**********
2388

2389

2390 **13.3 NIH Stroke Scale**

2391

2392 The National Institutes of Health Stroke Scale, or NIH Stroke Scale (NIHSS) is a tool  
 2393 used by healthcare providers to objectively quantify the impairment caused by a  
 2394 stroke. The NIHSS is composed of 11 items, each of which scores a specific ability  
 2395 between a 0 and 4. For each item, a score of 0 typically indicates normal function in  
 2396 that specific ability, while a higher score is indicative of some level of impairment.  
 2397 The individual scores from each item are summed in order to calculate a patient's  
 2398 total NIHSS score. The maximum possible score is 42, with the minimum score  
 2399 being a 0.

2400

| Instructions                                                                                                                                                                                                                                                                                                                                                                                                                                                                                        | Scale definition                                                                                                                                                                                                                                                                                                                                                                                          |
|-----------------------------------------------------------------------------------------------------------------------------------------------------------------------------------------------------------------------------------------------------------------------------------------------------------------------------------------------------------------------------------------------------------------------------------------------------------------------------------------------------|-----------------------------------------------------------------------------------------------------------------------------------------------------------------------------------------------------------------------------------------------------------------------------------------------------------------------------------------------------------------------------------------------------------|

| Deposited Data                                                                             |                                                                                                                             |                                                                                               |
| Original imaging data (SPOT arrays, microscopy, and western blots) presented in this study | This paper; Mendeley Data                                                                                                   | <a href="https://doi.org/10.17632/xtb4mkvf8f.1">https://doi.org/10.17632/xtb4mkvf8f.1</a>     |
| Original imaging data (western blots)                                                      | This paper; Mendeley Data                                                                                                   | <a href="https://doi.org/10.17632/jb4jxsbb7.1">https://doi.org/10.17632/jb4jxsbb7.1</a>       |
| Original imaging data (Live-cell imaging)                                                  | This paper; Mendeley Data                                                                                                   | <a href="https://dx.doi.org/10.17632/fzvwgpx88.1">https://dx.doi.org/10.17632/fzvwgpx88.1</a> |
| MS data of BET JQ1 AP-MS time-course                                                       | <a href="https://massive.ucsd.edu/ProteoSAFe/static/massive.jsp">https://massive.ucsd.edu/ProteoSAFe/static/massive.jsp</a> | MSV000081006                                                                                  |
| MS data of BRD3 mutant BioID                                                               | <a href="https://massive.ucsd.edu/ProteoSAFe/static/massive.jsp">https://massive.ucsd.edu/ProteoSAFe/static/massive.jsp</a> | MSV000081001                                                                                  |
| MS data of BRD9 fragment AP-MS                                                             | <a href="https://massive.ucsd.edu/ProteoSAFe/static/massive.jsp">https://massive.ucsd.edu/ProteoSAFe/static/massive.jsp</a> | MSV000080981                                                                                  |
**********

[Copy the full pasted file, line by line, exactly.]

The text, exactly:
2388

2389

2390 **13.3 NIH Stroke Scale**

2391

2392 The National Institutes of Health Stroke Scale, or NIH Stroke Scale (NIHSS) is a tool  
 2393 used by healthcare providers to objectively quantify the impairment caused by a  
 2394 stroke. The NIHSS is composed of 11 items, each of which scores a specific ability  
 2395 between a 0 and 4. For each item, a score of 0 typically indicates normal function in  
 2396 that specific ability, while a higher score is indicative of some level of impairment.  
 2397 The individual scores from each item are summed in order to calculate a patient's  
 2398 total NIHSS score. The maximum possible score is 42, with the minimum score  
 2399 being a 0.

2400

| Instructions                                                                                                                                                                                                                                                                                                                                                                                                                                                                                        | Scale definition                                                                                                                                                                                                                                                                                                                                                                                          |
|-----------------------------------------------------------------------------------------------------------------------------------------------------------------------------------------------------------------------------------------------------------------------------------------------------------------------------------------------------------------------------------------------------------------------------------------------------------------------------------------------------|-----------------------------------------------------------------------------------------------------------------------------------------------------------------------------------------------------------------------------------------------------------------------------------------------------------------------------------------------------------------------------------------------------------|

| Deposited Data                                                                             |                                                                                                                             |                                                                                               |
| Original imaging data (SPOT arrays, microscopy, and western blots) presented in this study | This paper; Mendeley Data                                                                                                   | <a href="https://doi.org/10.17632/xtb4mkvf8f.1">https://doi.org/10.17632/xtb4mkvf8f.1</a>     |
| Original imaging data (western blots)                                                      | This paper; Mendeley Data                                                                                                   | <a href="https://doi.org/10.17632/jb4jxsbb7.1">https://doi.org/10.17632/jb4jxsbb7.1</a>       |
| Original imaging data (Live-cell imaging)                                                  | This paper; Mendeley Data                                                                                                   | <a href="https://dx.doi.org/10.17632/fzvwgpx88.1">https://dx.doi.org/10.17632/fzvwgpx88.1</a> |
| MS data of BET JQ1 AP-MS time-course                                                       | <a href="https://massive.ucsd.edu/ProteoSAFe/static/massive.jsp">https://massive.ucsd.edu/ProteoSAFe/static/massive.jsp</a> | MSV000081006                                                                                  |
| MS data of BRD3 mutant BioID                                                               | <a href="https://massive.ucsd.edu/ProteoSAFe/static/massive.jsp">https://massive.ucsd.edu/ProteoSAFe/static/massive.jsp</a> | MSV000081001                                                                                  |
| MS data of BRD9 fragment AP-MS                                                             | <a href="https://massive.ucsd.edu/ProteoSAFe/static/massive.jsp">https://massive.ucsd.edu/ProteoSAFe/static/massive.jsp</a> | MSV000080981                                                                                  |